Spoilers: it’s US cultural dominance.
We all know that there is a long history in literature in general, and speculative literature in particular, of amplifying dominant voices to the exclusion of other stories. But we are getting better.
Campaigns like We Need Diverse Books, the #ownvoices conversation, and leading magazines devoting special issues to writing by women, members of the queer communities, people of colour and more are shining spotlights on works by authors and/or featuring characters who better represent the world in which we really live.
Indeed, this year’s Nebula Awards have been lauded as a showcase for diversity. As Andrew Liptak said about the nominees, writing for io9, “What jumps out right away is that this is a strong, diverse list of works and authors.” And when the voting was done, and the winners of the prose awards were all women, two of whom are women of colour, Liptak wrote:
“The science fiction world has had its share of drama with the Hugo Awards as various slates have worked aggressively to push against the growing numbers of women and people of color appearing on award ballots. The Nebula Awards have demonstrated, for two years in a row, that science fiction and fantasy literature remains a strong, inclusive body of literature.”
But, inclusive of what, exactly? What about geographical diversity? I took a look at some numbers, and saw an unsurprising but troublesome situation.
In this year’s Nebula Awards shortlist, at least 79% of the works were written by authors living in the United States. Only 7 out of 34 works were by authors who are resident outside the US, or whose country of residence I couldn’t find in publicly available material1. See below2 for notes on methodology.
It’s not just the Nebulas either. I didn’t look at this year’s Hugo shortlist, but last year Lynn E. O’Connacht posted a comprehensive breakdown of Hugo nominees by nationality. The whole post is worth a read, but here are the numbers3:
US: 82.2% (106 authors)
UK: 12.4% (16 authors)
Canada: 3.1% (4 authors)
China: 0.8% (1 author)
France: 0.8% (1 author)
Jamaica: 0.8% (1 author)
The short fiction categories:
US: 74.5% (205 authors)
UK: 10.2% (28 authors)
Canada: 3.3% (9 authors)
Australia: 1.1% (3 authors)
France: 0.4% (1 author)
Netherlands: 0.4% (1 author)
Unknown: 10.2% (28 authors)
I also looked at a few other awards for comparison and I was shocked to discover that a significant percentage of the 2016 Arthur C. Clarke Award (for SFF published in Britain) and British Fantasy Awards shortlists were for works by US-based authors.
Out of six works on the Clarke award shortlist, two are by US-based authors and over 20% of the British Fantasy Award shortlist are US-based authors, including at least one US-based author’s work in each category.4
So what can be done about it? I’m not the only one talking about this; Australian author T.R. Napper wrote on this topic recently with respect to the Hugos, with his own proposal. Instead, I think following the model of other diversity initiatives is the way to go.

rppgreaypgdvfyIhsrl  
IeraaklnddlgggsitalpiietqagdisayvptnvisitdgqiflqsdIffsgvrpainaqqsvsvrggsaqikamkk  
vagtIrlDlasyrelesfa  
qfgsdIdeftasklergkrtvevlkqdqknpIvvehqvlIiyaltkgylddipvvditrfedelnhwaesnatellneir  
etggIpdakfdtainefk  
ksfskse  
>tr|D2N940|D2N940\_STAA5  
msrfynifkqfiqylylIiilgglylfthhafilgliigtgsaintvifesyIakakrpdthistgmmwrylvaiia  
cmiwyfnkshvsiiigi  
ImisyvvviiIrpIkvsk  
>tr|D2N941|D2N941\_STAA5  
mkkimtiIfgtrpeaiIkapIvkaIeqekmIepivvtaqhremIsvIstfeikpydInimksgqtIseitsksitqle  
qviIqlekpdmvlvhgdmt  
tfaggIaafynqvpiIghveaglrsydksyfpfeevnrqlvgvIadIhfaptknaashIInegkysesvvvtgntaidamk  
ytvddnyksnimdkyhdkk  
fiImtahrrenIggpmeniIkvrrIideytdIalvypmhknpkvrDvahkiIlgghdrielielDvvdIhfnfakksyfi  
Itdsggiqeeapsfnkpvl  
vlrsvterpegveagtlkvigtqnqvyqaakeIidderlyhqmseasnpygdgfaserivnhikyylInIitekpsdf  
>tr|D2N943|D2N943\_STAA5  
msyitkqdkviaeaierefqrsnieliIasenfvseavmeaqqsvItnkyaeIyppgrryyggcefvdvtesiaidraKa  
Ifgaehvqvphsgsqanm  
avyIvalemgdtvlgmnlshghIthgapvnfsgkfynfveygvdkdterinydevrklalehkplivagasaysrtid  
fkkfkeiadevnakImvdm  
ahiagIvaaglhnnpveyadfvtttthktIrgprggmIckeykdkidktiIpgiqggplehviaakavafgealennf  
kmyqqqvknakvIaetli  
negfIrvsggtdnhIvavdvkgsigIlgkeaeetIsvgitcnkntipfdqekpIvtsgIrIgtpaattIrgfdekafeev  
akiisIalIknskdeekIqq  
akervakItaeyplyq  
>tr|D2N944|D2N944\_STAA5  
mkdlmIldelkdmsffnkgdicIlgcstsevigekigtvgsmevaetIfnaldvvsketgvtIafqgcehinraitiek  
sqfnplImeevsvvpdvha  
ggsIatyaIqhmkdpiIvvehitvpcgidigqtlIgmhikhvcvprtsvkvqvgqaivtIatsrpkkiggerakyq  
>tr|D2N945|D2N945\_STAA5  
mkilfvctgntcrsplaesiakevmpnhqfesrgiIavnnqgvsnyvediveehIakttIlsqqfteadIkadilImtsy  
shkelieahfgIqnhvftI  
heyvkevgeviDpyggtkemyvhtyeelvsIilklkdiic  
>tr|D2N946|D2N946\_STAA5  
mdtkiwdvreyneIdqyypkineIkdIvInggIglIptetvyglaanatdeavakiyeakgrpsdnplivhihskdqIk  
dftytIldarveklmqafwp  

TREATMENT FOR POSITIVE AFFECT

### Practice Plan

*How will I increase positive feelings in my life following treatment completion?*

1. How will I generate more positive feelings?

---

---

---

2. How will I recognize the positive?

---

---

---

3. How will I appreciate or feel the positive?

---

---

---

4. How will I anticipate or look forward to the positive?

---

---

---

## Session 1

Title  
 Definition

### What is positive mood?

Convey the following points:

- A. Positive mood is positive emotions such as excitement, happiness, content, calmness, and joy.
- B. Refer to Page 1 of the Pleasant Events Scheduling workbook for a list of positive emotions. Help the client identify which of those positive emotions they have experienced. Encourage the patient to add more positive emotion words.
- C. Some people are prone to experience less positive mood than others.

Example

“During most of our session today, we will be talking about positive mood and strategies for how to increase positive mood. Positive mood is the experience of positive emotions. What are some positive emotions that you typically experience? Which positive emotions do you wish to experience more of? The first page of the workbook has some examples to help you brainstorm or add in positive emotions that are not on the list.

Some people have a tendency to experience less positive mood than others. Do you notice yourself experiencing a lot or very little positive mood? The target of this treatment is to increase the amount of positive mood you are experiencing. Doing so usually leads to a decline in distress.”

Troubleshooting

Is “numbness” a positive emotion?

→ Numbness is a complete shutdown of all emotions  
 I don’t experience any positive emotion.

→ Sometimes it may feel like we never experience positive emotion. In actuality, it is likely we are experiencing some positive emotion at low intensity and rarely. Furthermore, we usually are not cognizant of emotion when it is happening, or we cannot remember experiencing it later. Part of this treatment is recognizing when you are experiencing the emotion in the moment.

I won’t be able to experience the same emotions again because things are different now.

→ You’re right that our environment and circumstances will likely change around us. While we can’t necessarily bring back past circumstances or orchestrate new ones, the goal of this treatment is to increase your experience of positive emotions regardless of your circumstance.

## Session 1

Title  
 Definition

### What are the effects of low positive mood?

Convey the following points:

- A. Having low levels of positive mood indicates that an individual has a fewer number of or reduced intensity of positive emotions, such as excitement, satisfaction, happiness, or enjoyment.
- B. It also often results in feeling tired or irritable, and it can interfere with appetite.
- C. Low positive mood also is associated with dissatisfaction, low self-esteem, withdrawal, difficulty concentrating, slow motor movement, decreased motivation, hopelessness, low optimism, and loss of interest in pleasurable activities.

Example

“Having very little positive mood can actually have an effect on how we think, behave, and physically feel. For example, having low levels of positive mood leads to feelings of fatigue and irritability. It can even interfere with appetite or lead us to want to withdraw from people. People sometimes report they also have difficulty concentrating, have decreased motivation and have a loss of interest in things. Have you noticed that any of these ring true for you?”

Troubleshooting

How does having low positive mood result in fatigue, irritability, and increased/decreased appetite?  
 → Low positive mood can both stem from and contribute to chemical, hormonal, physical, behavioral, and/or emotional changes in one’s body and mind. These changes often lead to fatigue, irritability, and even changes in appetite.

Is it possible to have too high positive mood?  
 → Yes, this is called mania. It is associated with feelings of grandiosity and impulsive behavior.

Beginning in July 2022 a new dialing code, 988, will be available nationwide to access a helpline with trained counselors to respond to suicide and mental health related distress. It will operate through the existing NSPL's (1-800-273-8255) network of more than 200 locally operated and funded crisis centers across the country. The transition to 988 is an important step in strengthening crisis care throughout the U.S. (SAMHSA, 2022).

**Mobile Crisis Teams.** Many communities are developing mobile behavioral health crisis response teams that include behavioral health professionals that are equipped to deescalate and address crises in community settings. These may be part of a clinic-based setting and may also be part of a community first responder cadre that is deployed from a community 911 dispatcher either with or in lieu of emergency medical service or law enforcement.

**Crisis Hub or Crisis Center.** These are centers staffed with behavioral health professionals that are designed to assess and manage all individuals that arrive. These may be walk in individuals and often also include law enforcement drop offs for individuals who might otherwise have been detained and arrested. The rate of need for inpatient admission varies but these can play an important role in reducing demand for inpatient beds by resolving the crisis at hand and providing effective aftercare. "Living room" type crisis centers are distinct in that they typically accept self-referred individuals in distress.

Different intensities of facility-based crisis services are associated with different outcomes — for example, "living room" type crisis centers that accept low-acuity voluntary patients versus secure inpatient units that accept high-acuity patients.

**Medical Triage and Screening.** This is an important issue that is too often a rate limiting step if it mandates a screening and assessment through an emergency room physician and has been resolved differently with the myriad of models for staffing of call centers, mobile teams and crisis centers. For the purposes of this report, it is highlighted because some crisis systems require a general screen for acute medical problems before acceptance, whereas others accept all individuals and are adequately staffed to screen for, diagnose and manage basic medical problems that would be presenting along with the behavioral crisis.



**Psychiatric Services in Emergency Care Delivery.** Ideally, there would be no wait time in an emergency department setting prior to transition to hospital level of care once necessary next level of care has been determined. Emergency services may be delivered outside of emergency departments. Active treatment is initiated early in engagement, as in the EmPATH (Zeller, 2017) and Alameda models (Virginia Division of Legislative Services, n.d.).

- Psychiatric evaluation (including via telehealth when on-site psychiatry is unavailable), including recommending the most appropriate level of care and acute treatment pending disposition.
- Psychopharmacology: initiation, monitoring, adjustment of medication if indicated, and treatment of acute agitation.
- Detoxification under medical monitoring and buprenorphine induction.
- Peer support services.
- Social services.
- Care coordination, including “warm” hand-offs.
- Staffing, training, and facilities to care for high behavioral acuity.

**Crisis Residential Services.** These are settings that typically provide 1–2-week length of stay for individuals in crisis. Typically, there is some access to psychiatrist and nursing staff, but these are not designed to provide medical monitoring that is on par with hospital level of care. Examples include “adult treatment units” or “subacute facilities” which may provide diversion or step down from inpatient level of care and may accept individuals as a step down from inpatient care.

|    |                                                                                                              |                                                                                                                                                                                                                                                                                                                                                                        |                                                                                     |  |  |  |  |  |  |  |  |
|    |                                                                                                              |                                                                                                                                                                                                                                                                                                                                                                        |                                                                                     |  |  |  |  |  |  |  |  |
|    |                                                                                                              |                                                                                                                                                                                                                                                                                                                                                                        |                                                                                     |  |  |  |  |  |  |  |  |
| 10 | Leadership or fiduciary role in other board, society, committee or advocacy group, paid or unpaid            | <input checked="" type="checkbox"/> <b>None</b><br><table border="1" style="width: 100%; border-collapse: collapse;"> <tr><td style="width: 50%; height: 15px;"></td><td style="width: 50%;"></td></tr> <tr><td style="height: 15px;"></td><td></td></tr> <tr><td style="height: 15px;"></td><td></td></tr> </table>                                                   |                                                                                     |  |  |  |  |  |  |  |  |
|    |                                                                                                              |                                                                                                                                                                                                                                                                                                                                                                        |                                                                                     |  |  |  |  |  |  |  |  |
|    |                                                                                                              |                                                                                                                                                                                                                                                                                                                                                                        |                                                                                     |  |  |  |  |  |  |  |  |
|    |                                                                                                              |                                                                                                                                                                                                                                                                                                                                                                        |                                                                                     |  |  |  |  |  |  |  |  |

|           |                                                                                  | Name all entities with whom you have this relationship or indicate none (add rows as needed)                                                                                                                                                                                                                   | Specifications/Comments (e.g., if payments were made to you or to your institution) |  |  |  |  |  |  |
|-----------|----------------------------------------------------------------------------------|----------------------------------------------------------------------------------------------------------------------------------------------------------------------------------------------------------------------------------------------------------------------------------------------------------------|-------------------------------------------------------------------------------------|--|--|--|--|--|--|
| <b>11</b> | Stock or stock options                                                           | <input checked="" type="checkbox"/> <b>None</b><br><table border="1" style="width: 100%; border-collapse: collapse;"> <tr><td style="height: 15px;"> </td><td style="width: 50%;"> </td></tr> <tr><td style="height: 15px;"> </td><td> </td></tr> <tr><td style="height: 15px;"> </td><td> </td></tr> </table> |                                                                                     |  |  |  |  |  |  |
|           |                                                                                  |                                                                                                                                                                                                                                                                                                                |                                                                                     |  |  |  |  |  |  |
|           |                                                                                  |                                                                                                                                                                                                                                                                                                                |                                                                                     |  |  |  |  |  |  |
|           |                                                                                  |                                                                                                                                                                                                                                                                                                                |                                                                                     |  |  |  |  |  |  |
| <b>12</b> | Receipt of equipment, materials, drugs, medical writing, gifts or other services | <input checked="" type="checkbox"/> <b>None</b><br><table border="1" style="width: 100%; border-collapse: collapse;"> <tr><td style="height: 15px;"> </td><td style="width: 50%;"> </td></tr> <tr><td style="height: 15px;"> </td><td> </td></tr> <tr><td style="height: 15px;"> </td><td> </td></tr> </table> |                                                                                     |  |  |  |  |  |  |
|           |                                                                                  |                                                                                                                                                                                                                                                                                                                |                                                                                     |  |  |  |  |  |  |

- Address the elephant (or, in this case, eagle) in the room instead of ignoring it.
- If you hold a special call for submission to amplify the voices of people from outside certain geographic areas, maybe think about restricting that call to authors from outside those regions.
- Recognize that even if you don’t attend conventions or in-person workshops, which are substantially easier for US-based authors to do, if you are an author who lives in North America you benefit from the privilege of sharing time zones with industry professionals. It sounds small, but community is often built from small things like fun twitter conversations and online chat.
I certainly don’t have all the answers, but I hope that we can open a conversation5 about how to become more inclusive of voices all over the planet. After all, we are the literature of other worlds — surely we can accommodate more of the world we already inhabit.
Eagle photo credit: Jordan Confino
|￪1||I used the authors’ public bios, wikipedia, and in some cases interviews to determine country of residence. When residence information was not publicly obtainable, I’ve marked those authors as Unknown, even when their nationalities were listed. Therefore, some authors’ bios may list them as American authors, but if I could not determine their residence, they are listed here as Unknown.|
|￪2||I have no interest in identity policing here, so chose to use current residence as the benchmark. I recognize that living in a country does not necessarily mean a person has an identification with that nationality. However, I’d argue that simply residing in the US confers a privilege with respect to SFF publishing, so that’s the metric I chose.|
|￪3||Lynn chose a different methodology than I did, but the trend is pretty clear.|
|￪4||A complete breakdown of the shortlists and references I used is in this pdf, including a breakdown of the shortlist for the new Eugie Award where 3/5 nominees are US-based.|
|￪5||If anyone has corrections to make, please feel free to comment here or email me privately at firstname.lastname@example.org.
Please note that I will continue to list authors’ residences as Unknown if that information is not part of a public bio. I have no interest in asking anyone to reveal information about their residence, and believe strongly in every individual’s right to privacy.